John Nadler has written a wonderful book.
His short bio from Amazon.com informs us he “is a Canadian author, journalist, and feature writer who has lived in Europe for the last two decades. He is also the author of two previous books, Searching for Sofia and A Perfect Hell. As a journalist, Nadler has contributed to Time, Sports Illustrated, Variety, Daily Telegraph of London, the European, Budapest Week, Maclean’s, the Economist Intelligence Unit, the Toronto Star, The Globe and Mail, and Postmedia News. While in Europe, he served as the Postmedia correspondent during the Kosovo conflict (1998 and 1999), the NATO airstrikes against Yugoslavia (1999), and the Serbian revolution in 2001, experiences that provided the material for Searching for Sofia. He currently lives in Budapest with his wife and son.
Here is John Nadler in his own words.
About ten years ago, I finished a book project entitled A Perfect Hell. The book was about the storied WWII Canadian-American commando unit, the Black Devils, but really the project was my attempt to come to terms with Second World War, my parents’ war.
Valour Road, a book I started to research three years ago, was my attempt to come to terms with our grandparents’ war — the Great War. We all have a sense of what the First World War was with its enduring images of trenches, relentless artillery, and desperate charges. Valour Road is the story of three young men (Leo Clarke, Fred Hall, and Robert Shankland) who sprung from the same cluster of houses on Pine Street, Winnipeg, enlisted in the war, and at different times and in separate circumstances achieved the Victoria Cross — the empire’s highest decoration for bravery. Initially I began this project to try to understand why. How is it that three extraordinary heroes could spring from this same street, let alone city?
Ultimately I learned that Pine Street (renamed Valour Road in 1925) was truly an exceptional place, and exactly as exceptional as thousands of other neighbourhoods and communities across Canada at that time. Valour Road, I learned, is the story of three men who typified the bravery and commitment of many if not most of the 620,000 Canadians who were mobilized between 1914 and 1918.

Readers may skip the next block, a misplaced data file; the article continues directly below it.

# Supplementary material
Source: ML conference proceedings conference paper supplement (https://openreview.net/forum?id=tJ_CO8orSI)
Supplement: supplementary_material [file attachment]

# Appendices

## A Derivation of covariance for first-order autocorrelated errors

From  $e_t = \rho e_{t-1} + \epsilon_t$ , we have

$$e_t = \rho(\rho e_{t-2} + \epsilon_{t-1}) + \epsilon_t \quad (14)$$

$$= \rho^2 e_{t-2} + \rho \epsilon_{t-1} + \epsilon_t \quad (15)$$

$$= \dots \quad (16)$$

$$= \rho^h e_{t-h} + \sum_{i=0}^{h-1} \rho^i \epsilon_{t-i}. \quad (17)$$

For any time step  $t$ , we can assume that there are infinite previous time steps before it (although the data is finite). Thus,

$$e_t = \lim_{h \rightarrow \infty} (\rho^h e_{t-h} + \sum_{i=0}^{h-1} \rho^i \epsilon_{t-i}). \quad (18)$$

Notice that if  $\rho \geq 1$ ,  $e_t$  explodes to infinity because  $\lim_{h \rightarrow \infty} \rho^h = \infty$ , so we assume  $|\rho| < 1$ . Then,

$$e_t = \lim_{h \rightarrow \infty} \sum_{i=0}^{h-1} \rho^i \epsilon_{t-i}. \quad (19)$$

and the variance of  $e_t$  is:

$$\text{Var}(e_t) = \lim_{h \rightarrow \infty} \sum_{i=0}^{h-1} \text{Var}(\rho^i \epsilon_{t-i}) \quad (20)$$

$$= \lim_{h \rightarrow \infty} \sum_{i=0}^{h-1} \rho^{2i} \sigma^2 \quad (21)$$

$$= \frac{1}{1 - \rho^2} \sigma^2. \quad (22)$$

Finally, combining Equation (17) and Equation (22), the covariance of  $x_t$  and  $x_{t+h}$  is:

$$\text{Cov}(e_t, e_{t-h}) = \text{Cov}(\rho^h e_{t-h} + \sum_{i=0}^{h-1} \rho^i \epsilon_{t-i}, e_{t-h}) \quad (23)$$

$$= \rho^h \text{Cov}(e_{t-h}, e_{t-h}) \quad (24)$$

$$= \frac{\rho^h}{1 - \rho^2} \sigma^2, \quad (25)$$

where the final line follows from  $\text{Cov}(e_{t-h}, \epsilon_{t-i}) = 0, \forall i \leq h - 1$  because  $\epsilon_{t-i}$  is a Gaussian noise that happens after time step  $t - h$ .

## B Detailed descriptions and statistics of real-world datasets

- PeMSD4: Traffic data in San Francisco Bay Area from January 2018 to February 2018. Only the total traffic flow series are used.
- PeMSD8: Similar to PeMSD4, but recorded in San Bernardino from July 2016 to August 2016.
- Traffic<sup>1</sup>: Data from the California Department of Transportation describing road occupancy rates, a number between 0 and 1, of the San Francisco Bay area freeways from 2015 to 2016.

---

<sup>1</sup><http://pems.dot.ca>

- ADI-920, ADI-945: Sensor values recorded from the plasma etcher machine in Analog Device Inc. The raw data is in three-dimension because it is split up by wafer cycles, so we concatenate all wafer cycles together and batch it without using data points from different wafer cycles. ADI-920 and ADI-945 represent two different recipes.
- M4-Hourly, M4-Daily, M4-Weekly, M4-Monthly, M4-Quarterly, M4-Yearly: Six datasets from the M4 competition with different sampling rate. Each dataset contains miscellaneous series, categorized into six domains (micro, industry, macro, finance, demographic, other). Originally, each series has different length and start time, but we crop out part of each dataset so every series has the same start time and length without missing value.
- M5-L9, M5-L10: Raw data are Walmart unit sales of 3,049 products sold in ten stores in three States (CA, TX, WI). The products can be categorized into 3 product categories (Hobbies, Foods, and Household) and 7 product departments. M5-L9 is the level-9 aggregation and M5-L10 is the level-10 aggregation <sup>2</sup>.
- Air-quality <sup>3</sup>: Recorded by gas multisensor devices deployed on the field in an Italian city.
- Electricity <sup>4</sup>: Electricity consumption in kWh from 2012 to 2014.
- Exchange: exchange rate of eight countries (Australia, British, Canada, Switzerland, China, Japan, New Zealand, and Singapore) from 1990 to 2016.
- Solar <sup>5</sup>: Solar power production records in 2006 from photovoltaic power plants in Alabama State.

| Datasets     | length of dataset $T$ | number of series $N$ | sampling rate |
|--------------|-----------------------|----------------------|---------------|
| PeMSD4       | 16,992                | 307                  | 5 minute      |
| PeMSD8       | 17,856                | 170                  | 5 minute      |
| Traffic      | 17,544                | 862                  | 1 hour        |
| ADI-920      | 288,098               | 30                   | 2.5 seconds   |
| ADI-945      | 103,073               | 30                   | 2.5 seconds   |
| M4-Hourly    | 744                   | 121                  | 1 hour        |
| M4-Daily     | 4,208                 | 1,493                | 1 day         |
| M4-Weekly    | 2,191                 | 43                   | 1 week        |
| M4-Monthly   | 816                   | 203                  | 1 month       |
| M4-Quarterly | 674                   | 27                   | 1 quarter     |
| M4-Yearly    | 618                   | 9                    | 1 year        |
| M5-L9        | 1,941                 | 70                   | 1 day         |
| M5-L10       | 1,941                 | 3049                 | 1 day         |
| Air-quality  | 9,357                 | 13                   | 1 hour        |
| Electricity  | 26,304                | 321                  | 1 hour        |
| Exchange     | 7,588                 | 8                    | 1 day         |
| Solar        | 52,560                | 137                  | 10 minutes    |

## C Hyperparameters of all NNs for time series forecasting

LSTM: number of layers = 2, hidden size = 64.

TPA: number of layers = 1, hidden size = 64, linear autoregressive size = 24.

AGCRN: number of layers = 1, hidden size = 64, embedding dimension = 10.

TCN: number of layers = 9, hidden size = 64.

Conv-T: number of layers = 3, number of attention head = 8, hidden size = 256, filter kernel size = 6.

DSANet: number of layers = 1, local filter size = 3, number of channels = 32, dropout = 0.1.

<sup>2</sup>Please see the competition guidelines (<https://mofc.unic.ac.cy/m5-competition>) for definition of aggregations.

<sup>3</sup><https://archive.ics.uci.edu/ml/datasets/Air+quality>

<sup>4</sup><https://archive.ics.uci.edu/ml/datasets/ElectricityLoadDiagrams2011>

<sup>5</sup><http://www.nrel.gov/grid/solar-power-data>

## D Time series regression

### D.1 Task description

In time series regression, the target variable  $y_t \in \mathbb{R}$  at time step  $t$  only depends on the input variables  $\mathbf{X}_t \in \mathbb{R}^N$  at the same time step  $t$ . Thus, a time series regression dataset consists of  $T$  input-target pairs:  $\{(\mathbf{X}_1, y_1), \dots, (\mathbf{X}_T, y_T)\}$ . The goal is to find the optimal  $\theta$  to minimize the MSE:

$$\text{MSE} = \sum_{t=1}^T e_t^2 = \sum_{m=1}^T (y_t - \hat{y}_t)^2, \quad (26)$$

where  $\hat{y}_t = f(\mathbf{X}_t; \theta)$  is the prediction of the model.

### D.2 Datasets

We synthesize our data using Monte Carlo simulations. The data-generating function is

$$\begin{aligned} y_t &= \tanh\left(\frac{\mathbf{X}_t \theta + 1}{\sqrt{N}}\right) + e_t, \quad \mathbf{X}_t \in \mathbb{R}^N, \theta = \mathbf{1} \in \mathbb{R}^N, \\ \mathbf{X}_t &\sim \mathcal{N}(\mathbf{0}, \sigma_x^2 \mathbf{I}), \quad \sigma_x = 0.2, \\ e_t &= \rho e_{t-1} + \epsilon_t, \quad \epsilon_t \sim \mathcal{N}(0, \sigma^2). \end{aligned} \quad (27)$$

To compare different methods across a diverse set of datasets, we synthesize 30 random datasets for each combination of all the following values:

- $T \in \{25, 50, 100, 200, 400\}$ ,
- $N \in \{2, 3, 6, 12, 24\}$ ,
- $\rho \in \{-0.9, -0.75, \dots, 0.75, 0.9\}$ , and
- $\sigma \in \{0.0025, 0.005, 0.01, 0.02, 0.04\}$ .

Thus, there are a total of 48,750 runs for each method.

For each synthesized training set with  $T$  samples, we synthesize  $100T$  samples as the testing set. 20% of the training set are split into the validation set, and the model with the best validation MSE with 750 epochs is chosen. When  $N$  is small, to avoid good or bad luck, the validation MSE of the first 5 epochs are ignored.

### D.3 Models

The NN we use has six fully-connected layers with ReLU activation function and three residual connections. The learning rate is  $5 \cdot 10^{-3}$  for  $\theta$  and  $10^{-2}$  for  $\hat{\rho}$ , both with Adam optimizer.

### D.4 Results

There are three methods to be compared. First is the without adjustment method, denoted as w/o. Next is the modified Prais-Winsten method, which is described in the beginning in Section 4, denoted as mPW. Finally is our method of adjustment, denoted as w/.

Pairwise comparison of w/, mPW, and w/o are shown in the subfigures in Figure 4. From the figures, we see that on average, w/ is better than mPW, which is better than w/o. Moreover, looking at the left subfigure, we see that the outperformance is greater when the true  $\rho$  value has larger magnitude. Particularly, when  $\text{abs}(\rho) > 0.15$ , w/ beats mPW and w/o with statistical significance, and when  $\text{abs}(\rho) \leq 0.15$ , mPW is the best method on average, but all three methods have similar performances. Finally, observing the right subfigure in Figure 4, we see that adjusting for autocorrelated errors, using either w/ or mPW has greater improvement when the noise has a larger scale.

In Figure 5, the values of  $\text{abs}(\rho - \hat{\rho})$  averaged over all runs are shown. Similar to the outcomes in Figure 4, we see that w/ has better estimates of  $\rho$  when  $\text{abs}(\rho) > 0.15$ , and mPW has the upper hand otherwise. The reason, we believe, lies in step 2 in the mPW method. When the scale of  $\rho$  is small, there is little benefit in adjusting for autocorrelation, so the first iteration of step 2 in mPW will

As I wrote Valour Road, I was struck by many things. I marvelled at the perseverance of the men who volunteered to fight in the face of horrors (new-age weaponry like heavy artillery and the machine gun, poison gas, killing meted out on an industrial scale) never before experienced on the battlefield. And I marvelled how our country was able to endure in the face of the tremendous loss of life — the death of 67,000 men and wounding of 173,000 that amounted to an astonishing 39 percent casualty rate, a body count more akin to a plague than a conflict.
But I learned in researching Valour Road that the strength of family kept the country together both during and after the Great War. The story of the Valour Road heroes Clarke, Shankland, and Hall is really the tale of families, and so it is not surprising that I owe this book to the descendants of these men. After the war, Leo Clarke’s brother Charlie, who served with Leo in the trenches before dying at the Somme, returned to Winnipeg, and devoted his life to keeping the Valour Road legacy alive. Today, Valour Road’s memory is nurtured by Charlie’s sons, grandchildren, and great grandchildren, who gather in this neighbourhood every November 11 to remember Leo, Fred, and Robert, and the thousands of others who answered the call during the Great War and every war that has followed it.
Both the Clarke and Hall family shared letters, diaries, and lore with me, allowing me to tell a story that has never been told before — how three ordinary men from the most ordinary of streets in Canada met the challenge of the Great War, and became so extraordinary their stories echo a century later.
John Nadler picture
John Nadler`s books are available on Amazon.